Since there is another verb “toku” with another character meaning “to solve,” the word “toku” can be ambiguous. When you want to mean “to explain” explicitly, use the verb “setsumei suru.”

Similarly, to persuade is “settokusuru,” and to preach is “sekkyōsuru.” In the former word, “settoku” is the combination of today’s character and toku, meaning to obtain; in the latter word, “sekkyō” is the combination of today’s character and kyō, meaning to teach.

A legend is densetsu. The adjectival word densetsutekina means legendary. It accompanies a noun.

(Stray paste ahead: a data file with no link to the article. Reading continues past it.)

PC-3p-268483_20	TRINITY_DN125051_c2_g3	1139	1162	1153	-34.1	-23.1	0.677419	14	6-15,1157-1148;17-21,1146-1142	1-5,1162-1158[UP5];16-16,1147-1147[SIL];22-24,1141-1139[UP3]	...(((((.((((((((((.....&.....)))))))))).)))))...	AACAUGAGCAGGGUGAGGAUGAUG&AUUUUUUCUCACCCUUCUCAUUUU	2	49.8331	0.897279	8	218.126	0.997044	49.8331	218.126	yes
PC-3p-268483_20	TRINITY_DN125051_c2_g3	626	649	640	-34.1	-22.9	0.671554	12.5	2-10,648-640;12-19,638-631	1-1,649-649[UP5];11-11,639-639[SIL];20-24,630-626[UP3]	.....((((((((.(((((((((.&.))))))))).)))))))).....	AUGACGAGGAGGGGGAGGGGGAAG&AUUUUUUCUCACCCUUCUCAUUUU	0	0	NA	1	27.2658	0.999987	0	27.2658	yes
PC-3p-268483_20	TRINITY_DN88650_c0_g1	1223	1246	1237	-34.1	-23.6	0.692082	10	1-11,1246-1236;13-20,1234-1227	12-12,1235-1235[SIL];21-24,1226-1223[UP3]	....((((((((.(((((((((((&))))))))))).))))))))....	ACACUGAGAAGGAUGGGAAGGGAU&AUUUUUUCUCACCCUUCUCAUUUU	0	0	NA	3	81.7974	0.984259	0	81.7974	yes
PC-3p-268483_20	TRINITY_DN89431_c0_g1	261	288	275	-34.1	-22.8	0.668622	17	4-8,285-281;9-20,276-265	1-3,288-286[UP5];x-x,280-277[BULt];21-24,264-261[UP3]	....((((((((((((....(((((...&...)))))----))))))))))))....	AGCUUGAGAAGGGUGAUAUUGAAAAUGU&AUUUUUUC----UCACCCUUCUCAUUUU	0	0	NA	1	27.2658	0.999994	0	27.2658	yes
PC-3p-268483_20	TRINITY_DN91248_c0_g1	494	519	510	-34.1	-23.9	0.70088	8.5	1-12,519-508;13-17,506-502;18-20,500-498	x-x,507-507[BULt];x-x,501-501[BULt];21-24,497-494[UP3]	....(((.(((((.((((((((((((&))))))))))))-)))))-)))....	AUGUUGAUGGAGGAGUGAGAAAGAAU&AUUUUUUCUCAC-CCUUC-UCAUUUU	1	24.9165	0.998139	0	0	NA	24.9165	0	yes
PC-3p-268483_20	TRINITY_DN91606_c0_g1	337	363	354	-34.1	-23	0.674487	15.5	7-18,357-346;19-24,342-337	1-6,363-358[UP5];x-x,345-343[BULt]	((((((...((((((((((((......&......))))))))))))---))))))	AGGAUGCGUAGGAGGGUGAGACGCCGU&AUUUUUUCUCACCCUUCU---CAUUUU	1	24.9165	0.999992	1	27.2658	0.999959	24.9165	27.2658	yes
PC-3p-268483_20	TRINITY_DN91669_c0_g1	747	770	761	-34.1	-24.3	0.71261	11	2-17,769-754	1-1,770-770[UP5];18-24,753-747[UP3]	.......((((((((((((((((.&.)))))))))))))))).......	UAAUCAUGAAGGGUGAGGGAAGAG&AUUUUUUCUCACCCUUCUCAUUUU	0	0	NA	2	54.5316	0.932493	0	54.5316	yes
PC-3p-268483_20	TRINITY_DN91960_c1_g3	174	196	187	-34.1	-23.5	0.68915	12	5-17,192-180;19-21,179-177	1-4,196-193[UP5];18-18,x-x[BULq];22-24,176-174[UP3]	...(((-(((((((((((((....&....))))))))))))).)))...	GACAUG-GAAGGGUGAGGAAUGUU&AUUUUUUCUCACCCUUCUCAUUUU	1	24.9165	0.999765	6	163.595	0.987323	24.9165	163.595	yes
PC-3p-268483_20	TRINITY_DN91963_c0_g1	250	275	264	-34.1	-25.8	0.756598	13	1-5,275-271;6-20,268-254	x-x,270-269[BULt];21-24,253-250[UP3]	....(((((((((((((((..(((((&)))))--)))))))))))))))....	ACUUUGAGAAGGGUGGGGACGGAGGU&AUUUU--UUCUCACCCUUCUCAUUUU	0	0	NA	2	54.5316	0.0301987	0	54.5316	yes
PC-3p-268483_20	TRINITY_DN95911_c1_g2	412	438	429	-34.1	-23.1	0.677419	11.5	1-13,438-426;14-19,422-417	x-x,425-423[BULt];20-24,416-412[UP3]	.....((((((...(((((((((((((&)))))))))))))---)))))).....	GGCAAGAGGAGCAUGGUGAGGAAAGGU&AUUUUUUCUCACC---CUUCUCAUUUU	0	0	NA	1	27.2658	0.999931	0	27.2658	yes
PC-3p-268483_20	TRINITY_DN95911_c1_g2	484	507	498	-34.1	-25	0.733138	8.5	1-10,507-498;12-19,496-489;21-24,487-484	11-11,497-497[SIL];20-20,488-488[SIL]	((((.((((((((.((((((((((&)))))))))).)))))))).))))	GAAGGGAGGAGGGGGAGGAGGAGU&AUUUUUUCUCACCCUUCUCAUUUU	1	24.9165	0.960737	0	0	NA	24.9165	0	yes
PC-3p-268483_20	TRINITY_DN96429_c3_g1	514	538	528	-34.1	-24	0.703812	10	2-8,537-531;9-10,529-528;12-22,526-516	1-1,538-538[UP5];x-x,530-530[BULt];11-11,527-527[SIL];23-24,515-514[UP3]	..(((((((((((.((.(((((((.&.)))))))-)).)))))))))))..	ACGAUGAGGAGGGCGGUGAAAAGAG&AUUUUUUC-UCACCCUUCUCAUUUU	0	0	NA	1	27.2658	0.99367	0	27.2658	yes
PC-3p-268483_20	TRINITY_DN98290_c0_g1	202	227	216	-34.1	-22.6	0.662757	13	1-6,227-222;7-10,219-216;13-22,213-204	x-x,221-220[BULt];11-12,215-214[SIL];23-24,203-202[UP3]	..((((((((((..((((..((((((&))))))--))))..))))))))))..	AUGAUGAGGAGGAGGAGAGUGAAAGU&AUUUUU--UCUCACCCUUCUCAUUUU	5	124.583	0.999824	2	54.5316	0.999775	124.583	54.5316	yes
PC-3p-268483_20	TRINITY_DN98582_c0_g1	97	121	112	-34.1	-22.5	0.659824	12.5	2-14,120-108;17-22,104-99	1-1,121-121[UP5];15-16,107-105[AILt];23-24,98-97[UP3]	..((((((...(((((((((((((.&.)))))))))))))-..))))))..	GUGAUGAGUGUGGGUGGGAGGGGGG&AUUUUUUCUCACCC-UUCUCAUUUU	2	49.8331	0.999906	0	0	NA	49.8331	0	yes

A novel is shōsetsu. You can read or write shōsetsu, so it becomes the object of verbs yomu (to read) and kaku (to write).


Draw the left-hand side of the character, first.

The kanji for "To Explain" with the stroke order and arrows showing directions.

  1. Draw the dot on the top.
  2. Draw the horizontal stroke.
  3. Draw the horizontal stroke below the previous stroke.
  4. Draw the horizontal stroke above the rectangle.
  5. Draw the left side of rectangle.
  6. Draw the upper and right sides of the rectangle.
  7. Draw the lower side of the rectangle.
  8. Begin to draw the right-hand side. Draw the dot on the top.
  9. Draw the sweeping dot.
  10. Draw the left side of the rectangle.
  11. Draw the upper and right sides of the rectangle.
  12. Draw the lower side of the rectangle.
  13. Draw the sweeping stroke.
  14. Draw the curve with an upward turn.